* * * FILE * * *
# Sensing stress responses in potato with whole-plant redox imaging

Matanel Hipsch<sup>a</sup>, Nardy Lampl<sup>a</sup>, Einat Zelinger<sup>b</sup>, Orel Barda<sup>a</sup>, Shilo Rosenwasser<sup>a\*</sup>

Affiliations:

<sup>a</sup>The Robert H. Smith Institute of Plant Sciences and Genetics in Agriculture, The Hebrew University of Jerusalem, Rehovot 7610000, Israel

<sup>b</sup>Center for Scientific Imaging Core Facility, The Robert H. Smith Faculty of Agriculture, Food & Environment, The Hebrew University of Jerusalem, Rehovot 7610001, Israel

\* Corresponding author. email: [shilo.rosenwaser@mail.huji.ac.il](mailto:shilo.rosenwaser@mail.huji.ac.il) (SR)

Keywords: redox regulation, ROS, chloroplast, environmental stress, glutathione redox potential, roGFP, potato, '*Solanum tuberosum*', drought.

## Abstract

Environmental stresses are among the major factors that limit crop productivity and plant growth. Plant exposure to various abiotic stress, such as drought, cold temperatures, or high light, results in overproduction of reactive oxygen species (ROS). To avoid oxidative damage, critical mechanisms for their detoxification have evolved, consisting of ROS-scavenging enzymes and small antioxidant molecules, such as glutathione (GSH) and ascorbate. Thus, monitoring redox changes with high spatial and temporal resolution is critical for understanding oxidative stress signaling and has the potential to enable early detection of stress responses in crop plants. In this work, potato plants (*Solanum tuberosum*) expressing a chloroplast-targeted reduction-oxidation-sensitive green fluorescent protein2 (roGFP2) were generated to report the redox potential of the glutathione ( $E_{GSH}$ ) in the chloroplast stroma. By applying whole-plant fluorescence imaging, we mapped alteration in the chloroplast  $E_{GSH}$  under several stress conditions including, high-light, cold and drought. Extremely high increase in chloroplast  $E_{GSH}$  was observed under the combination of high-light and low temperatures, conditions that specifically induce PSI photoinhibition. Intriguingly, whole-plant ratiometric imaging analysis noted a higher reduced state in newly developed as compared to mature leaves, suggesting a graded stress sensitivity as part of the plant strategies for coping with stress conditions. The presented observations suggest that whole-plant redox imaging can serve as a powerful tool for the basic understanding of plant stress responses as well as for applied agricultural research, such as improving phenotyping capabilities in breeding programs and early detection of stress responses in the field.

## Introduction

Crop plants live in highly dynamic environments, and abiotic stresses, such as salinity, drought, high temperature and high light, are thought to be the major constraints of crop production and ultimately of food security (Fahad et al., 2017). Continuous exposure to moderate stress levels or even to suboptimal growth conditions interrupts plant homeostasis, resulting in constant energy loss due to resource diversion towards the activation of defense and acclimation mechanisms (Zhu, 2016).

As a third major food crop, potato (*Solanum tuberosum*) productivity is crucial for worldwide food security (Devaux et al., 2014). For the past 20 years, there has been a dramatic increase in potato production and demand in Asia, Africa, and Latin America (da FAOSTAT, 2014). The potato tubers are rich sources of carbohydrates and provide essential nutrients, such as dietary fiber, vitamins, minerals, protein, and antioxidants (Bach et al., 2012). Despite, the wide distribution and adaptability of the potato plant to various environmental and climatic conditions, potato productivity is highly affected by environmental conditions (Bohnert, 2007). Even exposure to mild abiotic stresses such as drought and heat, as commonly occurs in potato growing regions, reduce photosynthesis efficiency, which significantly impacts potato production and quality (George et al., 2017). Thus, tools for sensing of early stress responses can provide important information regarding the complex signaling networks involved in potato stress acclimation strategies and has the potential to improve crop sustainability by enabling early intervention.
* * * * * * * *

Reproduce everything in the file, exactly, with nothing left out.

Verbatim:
# Sensing stress responses in potato with whole-plant redox imaging

Matanel Hipsch<sup>a</sup>, Nardy Lampl<sup>a</sup>, Einat Zelinger<sup>b</sup>, Orel Barda<sup>a</sup>, Shilo Rosenwasser<sup>a\*</sup>

Affiliations:

<sup>a</sup>The Robert H. Smith Institute of Plant Sciences and Genetics in Agriculture, The Hebrew University of Jerusalem, Rehovot 7610000, Israel

<sup>b</sup>Center for Scientific Imaging Core Facility, The Robert H. Smith Faculty of Agriculture, Food & Environment, The Hebrew University of Jerusalem, Rehovot 7610001, Israel

\* Corresponding author. email: [shilo.rosenwaser@mail.huji.ac.il](mailto:shilo.rosenwaser@mail.huji.ac.il) (SR)

Keywords: redox regulation, ROS, chloroplast, environmental stress, glutathione redox potential, roGFP, potato, '*Solanum tuberosum*', drought.

## Abstract

Environmental stresses are among the major factors that limit crop productivity and plant growth. Plant exposure to various abiotic stress, such as drought, cold temperatures, or high light, results in overproduction of reactive oxygen species (ROS). To avoid oxidative damage, critical mechanisms for their detoxification have evolved, consisting of ROS-scavenging enzymes and small antioxidant molecules, such as glutathione (GSH) and ascorbate. Thus, monitoring redox changes with high spatial and temporal resolution is critical for understanding oxidative stress signaling and has the potential to enable early detection of stress responses in crop plants. In this work, potato plants (*Solanum tuberosum*) expressing a chloroplast-targeted reduction-oxidation-sensitive green fluorescent protein2 (roGFP2) were generated to report the redox potential of the glutathione ( $E_{GSH}$ ) in the chloroplast stroma. By applying whole-plant fluorescence imaging, we mapped alteration in the chloroplast  $E_{GSH}$  under several stress conditions including, high-light, cold and drought. Extremely high increase in chloroplast  $E_{GSH}$  was observed under the combination of high-light and low temperatures, conditions that specifically induce PSI photoinhibition. Intriguingly, whole-plant ratiometric imaging analysis noted a higher reduced state in newly developed as compared to mature leaves, suggesting a graded stress sensitivity as part of the plant strategies for coping with stress conditions. The presented observations suggest that whole-plant redox imaging can serve as a powerful tool for the basic understanding of plant stress responses as well as for applied agricultural research, such as improving phenotyping capabilities in breeding programs and early detection of stress responses in the field.

## Introduction

Crop plants live in highly dynamic environments, and abiotic stresses, such as salinity, drought, high temperature and high light, are thought to be the major constraints of crop production and ultimately of food security (Fahad et al., 2017). Continuous exposure to moderate stress levels or even to suboptimal growth conditions interrupts plant homeostasis, resulting in constant energy loss due to resource diversion towards the activation of defense and acclimation mechanisms (Zhu, 2016).

As a third major food crop, potato (*Solanum tuberosum*) productivity is crucial for worldwide food security (Devaux et al., 2014). For the past 20 years, there has been a dramatic increase in potato production and demand in Asia, Africa, and Latin America (da FAOSTAT, 2014). The potato tubers are rich sources of carbohydrates and provide essential nutrients, such as dietary fiber, vitamins, minerals, protein, and antioxidants (Bach et al., 2012). Despite, the wide distribution and adaptability of the potato plant to various environmental and climatic conditions, potato productivity is highly affected by environmental conditions (Bohnert, 2007). Even exposure to mild abiotic stresses such as drought and heat, as commonly occurs in potato growing regions, reduce photosynthesis efficiency, which significantly impacts potato production and quality (George et al., 2017). Thus, tools for sensing of early stress responses can provide important information regarding the complex signaling networks involved in potato stress acclimation strategies and has the potential to improve crop sustainability by enabling early intervention.